To understand why they were flustered, you have to understand that the "long bond" is to fixed-income fanciers what the Dow is to the equities crowd: the basic if imperfect shorthand for discussing the state of the market. And lately, the long bond has been on everybody's lips because its price has been rising inexorably.
But now, the talk is that the 10-year issue may become the new standard, and "long bond" may disappear from the argot.
Does anybody in the mortgage business care? Only a little.
"It's like losing an old friend," says David Lareah, chief economist for the Mortgage Bankers Association. But he isn't shedding any tears. "The benchmark isn't really anything technical," he says. "And most mortgage people have been looking at the seven-year and the 10-year anyway"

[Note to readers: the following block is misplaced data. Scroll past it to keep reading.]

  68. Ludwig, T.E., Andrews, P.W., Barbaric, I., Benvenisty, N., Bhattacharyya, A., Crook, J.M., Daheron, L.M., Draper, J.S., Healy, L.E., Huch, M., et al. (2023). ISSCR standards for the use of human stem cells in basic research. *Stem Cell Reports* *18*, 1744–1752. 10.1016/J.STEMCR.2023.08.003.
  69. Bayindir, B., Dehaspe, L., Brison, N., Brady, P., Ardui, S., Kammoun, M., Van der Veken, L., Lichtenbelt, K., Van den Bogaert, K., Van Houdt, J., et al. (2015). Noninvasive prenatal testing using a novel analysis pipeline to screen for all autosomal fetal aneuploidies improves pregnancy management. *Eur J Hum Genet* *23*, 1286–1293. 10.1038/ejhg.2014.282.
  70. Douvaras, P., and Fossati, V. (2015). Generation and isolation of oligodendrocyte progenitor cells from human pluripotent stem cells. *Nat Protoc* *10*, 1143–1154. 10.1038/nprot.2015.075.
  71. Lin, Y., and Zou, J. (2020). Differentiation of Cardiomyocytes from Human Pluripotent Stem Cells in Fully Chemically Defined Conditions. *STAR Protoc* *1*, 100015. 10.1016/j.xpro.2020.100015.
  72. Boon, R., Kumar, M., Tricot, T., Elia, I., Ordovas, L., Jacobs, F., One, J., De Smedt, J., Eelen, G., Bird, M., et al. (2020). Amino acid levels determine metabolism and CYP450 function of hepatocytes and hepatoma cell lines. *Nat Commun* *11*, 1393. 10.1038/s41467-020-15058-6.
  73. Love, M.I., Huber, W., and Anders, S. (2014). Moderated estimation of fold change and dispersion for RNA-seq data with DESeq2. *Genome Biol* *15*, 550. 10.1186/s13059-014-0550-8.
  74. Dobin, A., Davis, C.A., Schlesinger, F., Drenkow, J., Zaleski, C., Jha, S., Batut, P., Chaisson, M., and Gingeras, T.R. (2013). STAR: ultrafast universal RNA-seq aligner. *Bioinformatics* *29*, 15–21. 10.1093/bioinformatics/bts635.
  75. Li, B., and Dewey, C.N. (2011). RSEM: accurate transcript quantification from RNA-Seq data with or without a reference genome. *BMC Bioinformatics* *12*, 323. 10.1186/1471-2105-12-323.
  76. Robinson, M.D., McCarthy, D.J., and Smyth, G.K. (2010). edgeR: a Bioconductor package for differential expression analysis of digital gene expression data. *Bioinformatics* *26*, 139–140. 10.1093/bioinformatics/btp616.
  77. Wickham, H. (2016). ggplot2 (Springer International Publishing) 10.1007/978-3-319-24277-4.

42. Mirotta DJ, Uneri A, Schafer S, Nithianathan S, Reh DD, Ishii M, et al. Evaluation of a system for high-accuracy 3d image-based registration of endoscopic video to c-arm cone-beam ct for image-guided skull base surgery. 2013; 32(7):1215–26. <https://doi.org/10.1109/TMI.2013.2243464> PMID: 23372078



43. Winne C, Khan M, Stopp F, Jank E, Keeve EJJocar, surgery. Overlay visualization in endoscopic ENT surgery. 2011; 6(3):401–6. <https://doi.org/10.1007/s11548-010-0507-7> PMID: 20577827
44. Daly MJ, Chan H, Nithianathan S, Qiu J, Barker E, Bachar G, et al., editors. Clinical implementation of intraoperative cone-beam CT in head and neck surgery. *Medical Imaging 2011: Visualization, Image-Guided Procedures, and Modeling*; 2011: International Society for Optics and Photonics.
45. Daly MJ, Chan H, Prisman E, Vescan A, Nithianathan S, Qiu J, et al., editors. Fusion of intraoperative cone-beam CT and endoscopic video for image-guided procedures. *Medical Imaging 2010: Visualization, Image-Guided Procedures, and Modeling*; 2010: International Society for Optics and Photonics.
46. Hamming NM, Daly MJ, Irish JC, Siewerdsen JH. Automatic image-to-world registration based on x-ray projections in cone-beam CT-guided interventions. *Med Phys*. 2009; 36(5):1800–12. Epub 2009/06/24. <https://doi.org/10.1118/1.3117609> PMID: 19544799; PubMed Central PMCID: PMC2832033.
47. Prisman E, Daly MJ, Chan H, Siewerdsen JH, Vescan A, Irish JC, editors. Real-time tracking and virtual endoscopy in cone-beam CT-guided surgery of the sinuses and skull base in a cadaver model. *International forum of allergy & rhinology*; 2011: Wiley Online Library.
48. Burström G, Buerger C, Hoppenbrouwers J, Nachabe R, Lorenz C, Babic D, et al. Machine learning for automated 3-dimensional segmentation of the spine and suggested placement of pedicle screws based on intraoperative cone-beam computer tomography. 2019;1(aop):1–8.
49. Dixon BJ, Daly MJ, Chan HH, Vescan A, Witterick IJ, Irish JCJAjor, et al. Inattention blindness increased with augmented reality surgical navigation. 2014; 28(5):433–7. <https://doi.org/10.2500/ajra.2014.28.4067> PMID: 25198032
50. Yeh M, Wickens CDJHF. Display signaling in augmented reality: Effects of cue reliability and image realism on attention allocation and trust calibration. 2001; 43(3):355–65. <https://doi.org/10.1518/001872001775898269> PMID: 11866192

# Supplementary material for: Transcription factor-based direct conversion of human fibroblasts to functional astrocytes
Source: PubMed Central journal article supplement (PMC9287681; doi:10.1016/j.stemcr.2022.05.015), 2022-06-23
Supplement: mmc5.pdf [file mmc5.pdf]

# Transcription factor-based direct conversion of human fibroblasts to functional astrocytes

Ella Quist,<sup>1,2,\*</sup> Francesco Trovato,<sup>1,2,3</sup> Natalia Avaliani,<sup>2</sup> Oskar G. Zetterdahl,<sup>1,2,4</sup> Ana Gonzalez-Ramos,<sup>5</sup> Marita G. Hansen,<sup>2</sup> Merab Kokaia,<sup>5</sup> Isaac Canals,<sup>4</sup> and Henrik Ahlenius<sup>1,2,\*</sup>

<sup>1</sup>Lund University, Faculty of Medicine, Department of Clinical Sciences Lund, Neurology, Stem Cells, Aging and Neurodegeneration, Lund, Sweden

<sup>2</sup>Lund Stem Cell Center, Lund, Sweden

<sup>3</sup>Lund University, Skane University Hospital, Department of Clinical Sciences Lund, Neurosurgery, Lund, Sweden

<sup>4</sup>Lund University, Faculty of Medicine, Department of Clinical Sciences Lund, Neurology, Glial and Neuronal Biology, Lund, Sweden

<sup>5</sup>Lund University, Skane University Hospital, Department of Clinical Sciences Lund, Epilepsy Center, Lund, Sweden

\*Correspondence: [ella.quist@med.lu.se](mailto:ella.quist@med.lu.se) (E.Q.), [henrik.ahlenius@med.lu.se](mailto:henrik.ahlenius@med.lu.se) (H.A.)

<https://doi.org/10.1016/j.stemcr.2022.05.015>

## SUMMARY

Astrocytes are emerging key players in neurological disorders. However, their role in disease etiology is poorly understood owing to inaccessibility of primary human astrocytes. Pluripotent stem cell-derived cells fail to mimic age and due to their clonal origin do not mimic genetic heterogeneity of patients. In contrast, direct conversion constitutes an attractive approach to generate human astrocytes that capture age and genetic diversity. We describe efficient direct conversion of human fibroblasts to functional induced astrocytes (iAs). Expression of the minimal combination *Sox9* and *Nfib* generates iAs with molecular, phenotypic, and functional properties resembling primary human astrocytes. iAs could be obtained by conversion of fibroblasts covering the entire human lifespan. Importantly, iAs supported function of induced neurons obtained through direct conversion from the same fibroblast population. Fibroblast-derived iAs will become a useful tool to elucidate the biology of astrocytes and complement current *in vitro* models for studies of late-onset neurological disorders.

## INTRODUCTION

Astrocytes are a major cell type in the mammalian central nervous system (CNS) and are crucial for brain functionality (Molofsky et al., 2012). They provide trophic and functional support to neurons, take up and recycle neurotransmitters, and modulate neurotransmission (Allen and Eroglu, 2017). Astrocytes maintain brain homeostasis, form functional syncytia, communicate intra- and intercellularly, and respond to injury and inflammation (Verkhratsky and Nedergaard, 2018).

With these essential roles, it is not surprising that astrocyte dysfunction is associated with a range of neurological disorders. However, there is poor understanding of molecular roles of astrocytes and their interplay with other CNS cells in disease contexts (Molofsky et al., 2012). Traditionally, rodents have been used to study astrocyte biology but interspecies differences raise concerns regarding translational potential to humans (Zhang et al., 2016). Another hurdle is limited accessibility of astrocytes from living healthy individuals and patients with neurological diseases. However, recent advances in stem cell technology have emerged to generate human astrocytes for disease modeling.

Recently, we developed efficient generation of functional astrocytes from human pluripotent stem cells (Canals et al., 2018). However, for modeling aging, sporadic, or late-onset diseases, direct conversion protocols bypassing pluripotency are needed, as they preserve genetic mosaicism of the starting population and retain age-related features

John Prince, head trader at Freddie Mac, agrees:
"People tend to equate the 30-year bond in their minds with the 30-year mortgage. But the performance of mortgage securities on the yield curve is more related to the seven- or 10-year. If the 30 went away, we think we would be unscathed in terms of liquidity or performance on MBS issues."